2. How Domino's builds anticipation with online ordering

The future of home

Domino’s has always been the king of building anticipation for pizza. Starting with their 30-minute delivery guarantee in the 1970s, their ordering experience seems to adhere to the cliche adage that “life is about the journey, not the destination.” To wit, their pizza was ranked last in taste tests, something they admit in their own marketing. In the 1990s, Domino’s published the Pizza Meter, an annual report based on surveying hundreds of its delivery drivers about their customers’ traits. And last year, Domino's claimed the first ever unmanned aerial pizza delivery via drone, proving Domino's is on the bleeding edge of pizza delivery innovation.

The Information Age revolutionized pizza ordering. Not only did online ordering make pizza delivery more accessible to people with speech and hearing disabilities, major chains were able to offer vivid, interactive menus with hundreds of customization options without burdening their phone operators. All of the major pizza chains offer online ordering today, but Domino’s, in keeping with their branding that builds excitement around the delivery, has a simple web app that uses modern data to deliver dramatic suspense: the Domino’s Pizza Tracker.

Screenshot from Domino's ad "Home for Pizza"

The Domino’s Pizza Tracker is very straightforward on the consumer side. An animated progress bar tracks the five steps of making a pizza so the customer knows when to expect a delivery. The segments are updated with the name of the employee executing each action, building trust with the customer by seeming honest, human, and transparent. Before the pizza tracker, hungry families with impatient kids couldn’t predict whether dinner would be ready in 15 minutes or 45 minutes. Now, even if their meal takes longer to arrive, their expectations are managed by the Pizza Tracker.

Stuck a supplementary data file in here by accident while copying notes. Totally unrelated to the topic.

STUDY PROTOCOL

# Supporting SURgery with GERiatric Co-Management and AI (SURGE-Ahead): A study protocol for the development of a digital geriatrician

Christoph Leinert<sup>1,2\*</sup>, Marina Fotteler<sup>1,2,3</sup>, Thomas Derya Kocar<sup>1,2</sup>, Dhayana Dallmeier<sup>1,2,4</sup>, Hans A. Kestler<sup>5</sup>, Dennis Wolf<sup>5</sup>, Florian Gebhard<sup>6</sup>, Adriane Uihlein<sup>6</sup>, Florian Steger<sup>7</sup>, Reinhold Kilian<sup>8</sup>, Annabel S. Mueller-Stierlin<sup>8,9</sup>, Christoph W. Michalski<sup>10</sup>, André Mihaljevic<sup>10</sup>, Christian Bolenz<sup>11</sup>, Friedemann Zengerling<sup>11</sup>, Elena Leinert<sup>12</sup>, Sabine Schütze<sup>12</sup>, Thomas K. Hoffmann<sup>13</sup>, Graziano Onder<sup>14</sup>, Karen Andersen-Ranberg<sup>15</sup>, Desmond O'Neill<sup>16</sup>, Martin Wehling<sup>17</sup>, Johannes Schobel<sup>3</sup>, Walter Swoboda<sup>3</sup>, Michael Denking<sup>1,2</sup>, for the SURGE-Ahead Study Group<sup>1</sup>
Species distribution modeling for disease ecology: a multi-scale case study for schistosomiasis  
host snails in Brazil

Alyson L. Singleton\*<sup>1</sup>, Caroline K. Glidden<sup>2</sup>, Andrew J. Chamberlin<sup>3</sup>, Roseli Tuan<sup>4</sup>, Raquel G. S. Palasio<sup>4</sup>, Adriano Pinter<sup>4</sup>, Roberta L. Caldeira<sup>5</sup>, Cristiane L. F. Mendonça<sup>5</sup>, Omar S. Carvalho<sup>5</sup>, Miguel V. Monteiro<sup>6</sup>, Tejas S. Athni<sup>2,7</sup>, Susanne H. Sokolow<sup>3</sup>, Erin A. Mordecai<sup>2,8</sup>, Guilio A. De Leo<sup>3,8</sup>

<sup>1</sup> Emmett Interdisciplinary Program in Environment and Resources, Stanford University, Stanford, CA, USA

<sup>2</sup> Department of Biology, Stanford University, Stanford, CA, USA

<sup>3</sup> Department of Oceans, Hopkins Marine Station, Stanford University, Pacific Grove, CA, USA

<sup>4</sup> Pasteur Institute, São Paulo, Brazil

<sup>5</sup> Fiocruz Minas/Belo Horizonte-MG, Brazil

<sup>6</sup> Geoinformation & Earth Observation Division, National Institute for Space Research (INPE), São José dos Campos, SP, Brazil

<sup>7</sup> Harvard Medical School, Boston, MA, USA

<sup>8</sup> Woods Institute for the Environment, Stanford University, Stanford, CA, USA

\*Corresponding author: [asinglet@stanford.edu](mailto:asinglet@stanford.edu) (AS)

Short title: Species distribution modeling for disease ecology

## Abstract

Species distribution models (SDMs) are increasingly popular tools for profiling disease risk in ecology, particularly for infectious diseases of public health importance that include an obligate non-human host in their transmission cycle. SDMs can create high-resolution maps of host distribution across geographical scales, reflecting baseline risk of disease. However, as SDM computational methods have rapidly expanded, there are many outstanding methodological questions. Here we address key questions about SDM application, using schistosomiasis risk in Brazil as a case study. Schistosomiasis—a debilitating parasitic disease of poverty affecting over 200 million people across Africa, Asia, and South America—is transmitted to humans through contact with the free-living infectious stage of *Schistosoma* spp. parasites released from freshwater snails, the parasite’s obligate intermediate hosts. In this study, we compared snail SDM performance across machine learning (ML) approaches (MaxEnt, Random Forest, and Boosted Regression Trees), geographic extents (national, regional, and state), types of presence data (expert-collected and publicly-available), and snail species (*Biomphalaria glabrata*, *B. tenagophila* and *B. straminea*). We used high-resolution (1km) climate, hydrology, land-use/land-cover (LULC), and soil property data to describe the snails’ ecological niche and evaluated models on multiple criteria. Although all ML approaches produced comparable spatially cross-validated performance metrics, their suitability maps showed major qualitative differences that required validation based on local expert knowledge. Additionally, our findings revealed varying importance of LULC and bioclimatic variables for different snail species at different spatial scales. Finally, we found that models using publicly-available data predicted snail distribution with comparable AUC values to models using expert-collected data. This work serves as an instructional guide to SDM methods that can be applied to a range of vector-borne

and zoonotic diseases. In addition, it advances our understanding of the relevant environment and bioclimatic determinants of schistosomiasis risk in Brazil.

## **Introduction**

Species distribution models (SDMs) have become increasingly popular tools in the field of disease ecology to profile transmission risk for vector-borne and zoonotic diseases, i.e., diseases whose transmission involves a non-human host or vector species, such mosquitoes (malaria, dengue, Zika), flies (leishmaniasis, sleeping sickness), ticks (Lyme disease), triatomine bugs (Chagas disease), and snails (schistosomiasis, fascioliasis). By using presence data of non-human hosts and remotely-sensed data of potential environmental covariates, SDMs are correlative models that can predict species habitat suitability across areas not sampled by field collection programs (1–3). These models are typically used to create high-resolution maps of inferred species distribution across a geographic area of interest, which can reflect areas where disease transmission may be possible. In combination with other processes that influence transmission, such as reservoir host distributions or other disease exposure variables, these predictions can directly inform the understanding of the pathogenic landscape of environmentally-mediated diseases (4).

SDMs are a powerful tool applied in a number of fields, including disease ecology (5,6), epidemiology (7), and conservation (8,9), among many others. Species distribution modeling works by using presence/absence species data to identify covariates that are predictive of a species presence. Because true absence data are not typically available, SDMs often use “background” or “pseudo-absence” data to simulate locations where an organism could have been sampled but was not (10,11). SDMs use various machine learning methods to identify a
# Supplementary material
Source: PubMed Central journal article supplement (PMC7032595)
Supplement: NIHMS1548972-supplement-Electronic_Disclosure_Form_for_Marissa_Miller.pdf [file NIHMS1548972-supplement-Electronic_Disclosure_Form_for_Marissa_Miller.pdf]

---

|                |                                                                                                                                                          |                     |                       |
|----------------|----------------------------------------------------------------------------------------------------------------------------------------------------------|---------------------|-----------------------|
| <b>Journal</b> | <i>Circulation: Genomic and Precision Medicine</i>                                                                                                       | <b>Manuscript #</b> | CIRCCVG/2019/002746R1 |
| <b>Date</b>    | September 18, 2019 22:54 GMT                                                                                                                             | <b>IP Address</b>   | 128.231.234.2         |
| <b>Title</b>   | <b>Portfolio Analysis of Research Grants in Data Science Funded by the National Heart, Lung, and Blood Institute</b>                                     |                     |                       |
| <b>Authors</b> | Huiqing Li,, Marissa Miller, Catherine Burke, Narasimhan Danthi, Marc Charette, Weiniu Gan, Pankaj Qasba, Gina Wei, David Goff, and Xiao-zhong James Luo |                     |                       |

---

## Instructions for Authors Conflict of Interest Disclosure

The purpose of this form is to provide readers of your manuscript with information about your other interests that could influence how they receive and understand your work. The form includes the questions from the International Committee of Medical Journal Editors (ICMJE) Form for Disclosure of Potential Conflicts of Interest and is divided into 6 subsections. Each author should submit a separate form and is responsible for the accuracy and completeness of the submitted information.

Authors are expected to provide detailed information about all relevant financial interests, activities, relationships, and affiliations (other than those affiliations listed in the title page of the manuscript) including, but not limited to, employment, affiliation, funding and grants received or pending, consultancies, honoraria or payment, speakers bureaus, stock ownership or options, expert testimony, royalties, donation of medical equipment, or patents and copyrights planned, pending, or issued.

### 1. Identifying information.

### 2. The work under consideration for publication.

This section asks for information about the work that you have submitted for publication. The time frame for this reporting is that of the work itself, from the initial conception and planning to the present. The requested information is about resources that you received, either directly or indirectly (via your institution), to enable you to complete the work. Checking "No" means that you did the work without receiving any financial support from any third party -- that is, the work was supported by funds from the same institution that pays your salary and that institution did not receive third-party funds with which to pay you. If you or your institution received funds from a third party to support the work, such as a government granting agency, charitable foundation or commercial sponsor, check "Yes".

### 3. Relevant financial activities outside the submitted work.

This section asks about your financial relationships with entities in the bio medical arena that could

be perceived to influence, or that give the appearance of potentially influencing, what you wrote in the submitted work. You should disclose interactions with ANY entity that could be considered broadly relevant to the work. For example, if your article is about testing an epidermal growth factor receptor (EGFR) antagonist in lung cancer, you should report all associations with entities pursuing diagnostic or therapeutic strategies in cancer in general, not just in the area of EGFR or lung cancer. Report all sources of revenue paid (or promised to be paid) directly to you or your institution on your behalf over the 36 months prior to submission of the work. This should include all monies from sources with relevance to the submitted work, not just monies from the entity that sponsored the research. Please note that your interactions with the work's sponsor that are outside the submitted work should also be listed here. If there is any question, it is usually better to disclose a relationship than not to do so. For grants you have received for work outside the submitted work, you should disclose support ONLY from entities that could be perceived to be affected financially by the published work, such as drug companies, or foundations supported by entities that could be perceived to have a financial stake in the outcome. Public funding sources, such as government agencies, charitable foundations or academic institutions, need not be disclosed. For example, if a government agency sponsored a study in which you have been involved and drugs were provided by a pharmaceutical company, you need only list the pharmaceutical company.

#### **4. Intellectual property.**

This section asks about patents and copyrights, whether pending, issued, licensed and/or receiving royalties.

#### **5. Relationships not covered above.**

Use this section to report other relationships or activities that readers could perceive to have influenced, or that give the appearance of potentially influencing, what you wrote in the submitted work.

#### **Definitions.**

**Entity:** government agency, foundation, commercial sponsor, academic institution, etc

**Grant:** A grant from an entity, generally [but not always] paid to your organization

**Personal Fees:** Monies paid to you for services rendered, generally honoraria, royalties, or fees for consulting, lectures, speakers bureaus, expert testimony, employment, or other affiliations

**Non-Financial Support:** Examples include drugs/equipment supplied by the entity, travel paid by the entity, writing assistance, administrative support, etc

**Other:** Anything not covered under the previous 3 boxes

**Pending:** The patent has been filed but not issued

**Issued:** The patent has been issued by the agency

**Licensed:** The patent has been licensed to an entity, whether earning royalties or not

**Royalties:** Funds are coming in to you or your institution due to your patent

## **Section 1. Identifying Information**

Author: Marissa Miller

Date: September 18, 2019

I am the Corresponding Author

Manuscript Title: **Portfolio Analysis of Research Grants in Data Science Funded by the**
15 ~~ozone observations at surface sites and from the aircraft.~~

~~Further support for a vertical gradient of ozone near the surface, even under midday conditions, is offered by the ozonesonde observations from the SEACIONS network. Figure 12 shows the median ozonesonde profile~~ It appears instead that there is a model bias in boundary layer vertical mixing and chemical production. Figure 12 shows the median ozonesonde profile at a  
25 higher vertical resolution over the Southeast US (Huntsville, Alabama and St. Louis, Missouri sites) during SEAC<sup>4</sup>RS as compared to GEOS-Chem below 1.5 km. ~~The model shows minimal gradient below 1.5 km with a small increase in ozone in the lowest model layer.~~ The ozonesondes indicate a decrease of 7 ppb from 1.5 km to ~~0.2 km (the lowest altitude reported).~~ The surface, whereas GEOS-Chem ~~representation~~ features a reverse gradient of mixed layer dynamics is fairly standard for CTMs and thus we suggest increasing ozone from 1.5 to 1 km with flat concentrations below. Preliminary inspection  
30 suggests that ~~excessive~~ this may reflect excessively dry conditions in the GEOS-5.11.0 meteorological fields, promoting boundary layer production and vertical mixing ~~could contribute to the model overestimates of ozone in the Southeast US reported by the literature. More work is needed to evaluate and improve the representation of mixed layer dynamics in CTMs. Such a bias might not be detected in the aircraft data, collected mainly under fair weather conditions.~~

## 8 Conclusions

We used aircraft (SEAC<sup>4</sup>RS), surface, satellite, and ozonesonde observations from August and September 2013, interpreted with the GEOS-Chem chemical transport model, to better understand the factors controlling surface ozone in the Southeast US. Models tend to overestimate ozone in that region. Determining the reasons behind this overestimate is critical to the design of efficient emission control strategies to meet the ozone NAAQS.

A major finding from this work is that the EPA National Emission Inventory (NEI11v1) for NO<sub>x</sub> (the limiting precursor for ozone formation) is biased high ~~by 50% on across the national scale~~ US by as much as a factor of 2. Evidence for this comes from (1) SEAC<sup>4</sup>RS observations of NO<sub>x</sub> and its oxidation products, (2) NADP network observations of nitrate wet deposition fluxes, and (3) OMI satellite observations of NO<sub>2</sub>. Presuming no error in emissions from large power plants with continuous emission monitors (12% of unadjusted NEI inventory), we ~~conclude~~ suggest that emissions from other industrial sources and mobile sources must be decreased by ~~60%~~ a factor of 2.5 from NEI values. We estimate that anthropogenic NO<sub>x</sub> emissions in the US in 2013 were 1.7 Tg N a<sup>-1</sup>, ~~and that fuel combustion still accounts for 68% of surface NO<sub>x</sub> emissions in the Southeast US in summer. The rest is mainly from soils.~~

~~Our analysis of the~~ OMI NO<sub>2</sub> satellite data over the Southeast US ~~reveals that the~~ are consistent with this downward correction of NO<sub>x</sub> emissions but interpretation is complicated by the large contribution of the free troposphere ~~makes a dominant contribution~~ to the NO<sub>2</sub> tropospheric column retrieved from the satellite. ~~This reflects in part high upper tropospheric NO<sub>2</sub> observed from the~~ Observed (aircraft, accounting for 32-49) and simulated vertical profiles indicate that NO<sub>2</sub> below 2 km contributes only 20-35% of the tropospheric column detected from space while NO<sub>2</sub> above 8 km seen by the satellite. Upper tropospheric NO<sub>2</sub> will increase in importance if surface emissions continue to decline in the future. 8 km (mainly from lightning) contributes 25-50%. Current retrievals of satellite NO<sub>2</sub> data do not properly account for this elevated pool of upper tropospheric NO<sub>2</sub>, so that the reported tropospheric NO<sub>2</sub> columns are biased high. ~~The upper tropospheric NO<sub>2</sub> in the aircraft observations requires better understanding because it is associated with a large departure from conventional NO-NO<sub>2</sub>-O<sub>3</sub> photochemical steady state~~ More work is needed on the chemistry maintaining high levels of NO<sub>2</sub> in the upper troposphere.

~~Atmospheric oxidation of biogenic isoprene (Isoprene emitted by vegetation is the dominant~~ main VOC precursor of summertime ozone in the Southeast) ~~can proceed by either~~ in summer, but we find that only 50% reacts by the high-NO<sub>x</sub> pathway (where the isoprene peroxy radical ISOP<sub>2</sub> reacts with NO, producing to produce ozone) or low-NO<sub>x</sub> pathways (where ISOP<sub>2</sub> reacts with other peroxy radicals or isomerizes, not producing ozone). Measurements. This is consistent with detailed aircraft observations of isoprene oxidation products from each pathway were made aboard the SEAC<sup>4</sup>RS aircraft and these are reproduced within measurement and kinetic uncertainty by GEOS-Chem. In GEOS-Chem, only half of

The brilliance of the Pizza Tracker isn’t the visual design, it’s the data that feeds into the back end. Domino’s uses data that was likely already available and packages it into a simple interface that is reasonably accurate. I spoke with one of my former students who was a Domino’s employee and she explained each action the employees take to trigger the subsequent steps.

Image from Creative Director at Deutsch LA Ken Slater's site

1. When the order arrives at the store, an employee prints the ticket and sticks it on the box. The employees’ names are already in the system because of their timeclock software, so the tracker proceeds with the name of the person who is clocked in.

2. The order appears above the prep line. When the pizza is put into the oven, the employee sets the oven timer, signaling the tracker again.

3. When the oven’s timer is up (about 7 minutes) the “bake” step is automatically completed.

4. The “quality” step is a bit ambiguous, but it contains several steps like slicing and boxing the pizza and adding beverages and other items. When a delivery driver is available, he or she prints a ticket when they are “clocking out” of the store, signaling the tracker to move to the next step.

5. The completion of the delivery step is the least accurate since drivers don’t have a way of marking a pizza as “delivered.” Instead, the order is probably marked as delivered after a predetermined amount of time, maybe 10 minutes.

The back end of the process isn’t that sophisticated; in fact it seems probable that all of these timestamps were collected by Domino’s before the Pizza Tracker debuted so that local stores could track employees’ time and other statistics. However this creative transformation of mundane tracking data into an animated visualization of the pizza-making process is brilliant, any way you slice it.